Using Blogs to Overcome the Challenges of a Research Methods Course

Using Blogs to Overcome the Challenges of a Research Methods Course

Susanne Croasdaile (Virginia Commonwealth University, USA), Rachel Angel (Virginia Commonwealth University, USA), Erin Carr (Virginia Commonwealth University, USA), Lucy Hudson (Virginia Commonwealth University, USA) and Carin Usrey (Virginia Commonwealth University, USA)
DOI: 10.4018/978-1-61350-347-8.ch011
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Background

Universal Design for Learning

Universal Design for Learning (UDL) is a framework for teaching and learning based on brain research (Rose & Meyer, 2002). UDL is a lens through which educators design instruction to consider student needs. An appealing aspect of this framework is its emphasis on separating the goal of learning from the instructional method, often capitalizing on the opportunities presented by flexible digital text.

UDL takes into consideration three things: recognition brain networks, which benefit from multiple, flexible representations of content; strategic brain networks, which benefit from multiple, flexible means of expression and apprenticeship; and affective brain networks, which benefit from multiple, flexible means of engagement. The strategic networks help learners plan and carry out tasks. This includes activities from whipping up a strawberry-banana smoothie in the blender to comparing prices of new cell phones on the internet to writing a formal five-paragraph essay. In each situation, we determine what we want to do (goal), determine how we will do it (plan), get started (execution), and decide how we did (evaluation) (Rose & Meyer, 2002). Affective brain networks support not the planning and execution of tasks, but one’s engagement in learning.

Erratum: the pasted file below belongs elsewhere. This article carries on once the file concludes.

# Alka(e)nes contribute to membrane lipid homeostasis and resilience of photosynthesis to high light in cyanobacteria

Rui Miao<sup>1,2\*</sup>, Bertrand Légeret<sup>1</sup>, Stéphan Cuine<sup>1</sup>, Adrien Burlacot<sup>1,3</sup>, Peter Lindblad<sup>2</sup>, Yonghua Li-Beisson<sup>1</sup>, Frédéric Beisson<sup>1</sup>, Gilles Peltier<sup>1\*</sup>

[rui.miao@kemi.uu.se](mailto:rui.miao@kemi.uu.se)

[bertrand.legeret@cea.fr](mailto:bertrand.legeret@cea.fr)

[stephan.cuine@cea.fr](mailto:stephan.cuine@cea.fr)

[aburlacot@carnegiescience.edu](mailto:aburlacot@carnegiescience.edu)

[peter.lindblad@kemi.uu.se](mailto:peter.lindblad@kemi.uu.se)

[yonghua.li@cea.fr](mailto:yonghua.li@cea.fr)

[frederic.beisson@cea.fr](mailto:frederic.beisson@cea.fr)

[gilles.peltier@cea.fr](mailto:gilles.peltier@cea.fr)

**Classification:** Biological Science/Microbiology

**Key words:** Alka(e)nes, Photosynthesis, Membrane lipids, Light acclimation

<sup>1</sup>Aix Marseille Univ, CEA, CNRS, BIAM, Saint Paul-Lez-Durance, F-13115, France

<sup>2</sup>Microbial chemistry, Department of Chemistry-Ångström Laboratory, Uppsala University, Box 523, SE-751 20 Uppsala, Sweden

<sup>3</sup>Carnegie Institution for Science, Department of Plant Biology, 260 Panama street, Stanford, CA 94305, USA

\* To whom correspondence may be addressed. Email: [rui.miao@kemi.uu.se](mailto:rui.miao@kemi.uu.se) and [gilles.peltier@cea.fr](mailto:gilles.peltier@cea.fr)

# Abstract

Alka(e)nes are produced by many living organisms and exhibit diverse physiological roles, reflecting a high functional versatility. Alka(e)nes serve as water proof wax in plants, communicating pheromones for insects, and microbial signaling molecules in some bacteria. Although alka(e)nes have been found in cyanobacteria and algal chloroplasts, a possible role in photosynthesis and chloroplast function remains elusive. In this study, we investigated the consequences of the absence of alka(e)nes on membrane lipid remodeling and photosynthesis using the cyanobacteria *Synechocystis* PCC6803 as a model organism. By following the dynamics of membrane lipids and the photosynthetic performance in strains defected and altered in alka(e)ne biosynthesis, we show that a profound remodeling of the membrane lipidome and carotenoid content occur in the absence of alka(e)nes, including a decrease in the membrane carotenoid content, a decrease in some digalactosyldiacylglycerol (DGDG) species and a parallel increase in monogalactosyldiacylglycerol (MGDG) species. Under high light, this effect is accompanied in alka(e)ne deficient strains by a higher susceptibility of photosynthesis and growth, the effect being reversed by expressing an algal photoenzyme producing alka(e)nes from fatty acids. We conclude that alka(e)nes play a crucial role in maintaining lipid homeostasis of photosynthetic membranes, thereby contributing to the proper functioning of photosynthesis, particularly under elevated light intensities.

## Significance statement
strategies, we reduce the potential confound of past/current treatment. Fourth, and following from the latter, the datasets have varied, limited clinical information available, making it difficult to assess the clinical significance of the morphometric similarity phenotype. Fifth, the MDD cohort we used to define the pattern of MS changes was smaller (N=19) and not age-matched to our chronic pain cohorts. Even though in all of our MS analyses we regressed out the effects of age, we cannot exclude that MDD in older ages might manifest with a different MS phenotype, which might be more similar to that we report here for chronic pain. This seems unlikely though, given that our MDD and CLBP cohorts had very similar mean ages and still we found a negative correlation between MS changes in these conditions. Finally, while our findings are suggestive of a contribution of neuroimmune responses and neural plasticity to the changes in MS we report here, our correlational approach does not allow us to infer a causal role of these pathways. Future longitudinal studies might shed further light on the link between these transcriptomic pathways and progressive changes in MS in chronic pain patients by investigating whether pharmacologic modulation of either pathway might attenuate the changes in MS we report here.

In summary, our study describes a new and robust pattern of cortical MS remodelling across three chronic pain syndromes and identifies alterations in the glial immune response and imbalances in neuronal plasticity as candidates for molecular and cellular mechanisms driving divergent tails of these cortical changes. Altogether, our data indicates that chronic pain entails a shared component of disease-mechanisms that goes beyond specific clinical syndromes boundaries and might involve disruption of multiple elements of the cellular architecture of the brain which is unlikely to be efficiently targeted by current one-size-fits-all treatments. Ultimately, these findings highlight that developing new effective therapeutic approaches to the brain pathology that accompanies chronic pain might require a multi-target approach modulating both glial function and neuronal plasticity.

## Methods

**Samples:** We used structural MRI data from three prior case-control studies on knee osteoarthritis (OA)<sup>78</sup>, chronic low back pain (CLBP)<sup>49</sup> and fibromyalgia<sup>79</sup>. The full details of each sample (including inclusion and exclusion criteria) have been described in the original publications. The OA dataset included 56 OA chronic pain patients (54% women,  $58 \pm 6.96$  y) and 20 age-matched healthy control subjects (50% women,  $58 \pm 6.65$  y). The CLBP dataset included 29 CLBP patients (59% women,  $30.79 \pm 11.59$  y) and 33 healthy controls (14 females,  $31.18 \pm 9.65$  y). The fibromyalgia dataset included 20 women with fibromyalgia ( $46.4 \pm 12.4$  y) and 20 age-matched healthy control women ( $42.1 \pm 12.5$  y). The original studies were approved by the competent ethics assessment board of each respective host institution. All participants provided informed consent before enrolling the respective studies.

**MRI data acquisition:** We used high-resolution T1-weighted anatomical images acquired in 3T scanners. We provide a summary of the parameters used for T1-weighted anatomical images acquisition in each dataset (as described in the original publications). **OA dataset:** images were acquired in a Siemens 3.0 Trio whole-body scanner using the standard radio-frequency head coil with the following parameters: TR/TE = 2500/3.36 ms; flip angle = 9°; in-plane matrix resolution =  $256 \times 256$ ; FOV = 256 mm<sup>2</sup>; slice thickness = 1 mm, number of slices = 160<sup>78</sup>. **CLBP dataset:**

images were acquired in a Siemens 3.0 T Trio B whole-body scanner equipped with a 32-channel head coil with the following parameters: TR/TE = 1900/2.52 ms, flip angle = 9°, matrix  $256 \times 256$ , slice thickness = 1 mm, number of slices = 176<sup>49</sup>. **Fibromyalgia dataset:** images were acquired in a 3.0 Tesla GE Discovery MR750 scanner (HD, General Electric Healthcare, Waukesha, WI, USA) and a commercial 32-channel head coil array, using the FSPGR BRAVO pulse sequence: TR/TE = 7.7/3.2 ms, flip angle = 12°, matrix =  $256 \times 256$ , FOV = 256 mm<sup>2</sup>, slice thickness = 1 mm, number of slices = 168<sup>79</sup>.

The strategic and affective networks are of interest in this discussion—without the former, students could accomplish nothing; without the latter, they would not even try. Recent research has demonstrated how students achieve higher educational outcomes in courses using UDL design principles (Simmons, Willkomm, & Behling, 2010); this area is worthy of further exploration.

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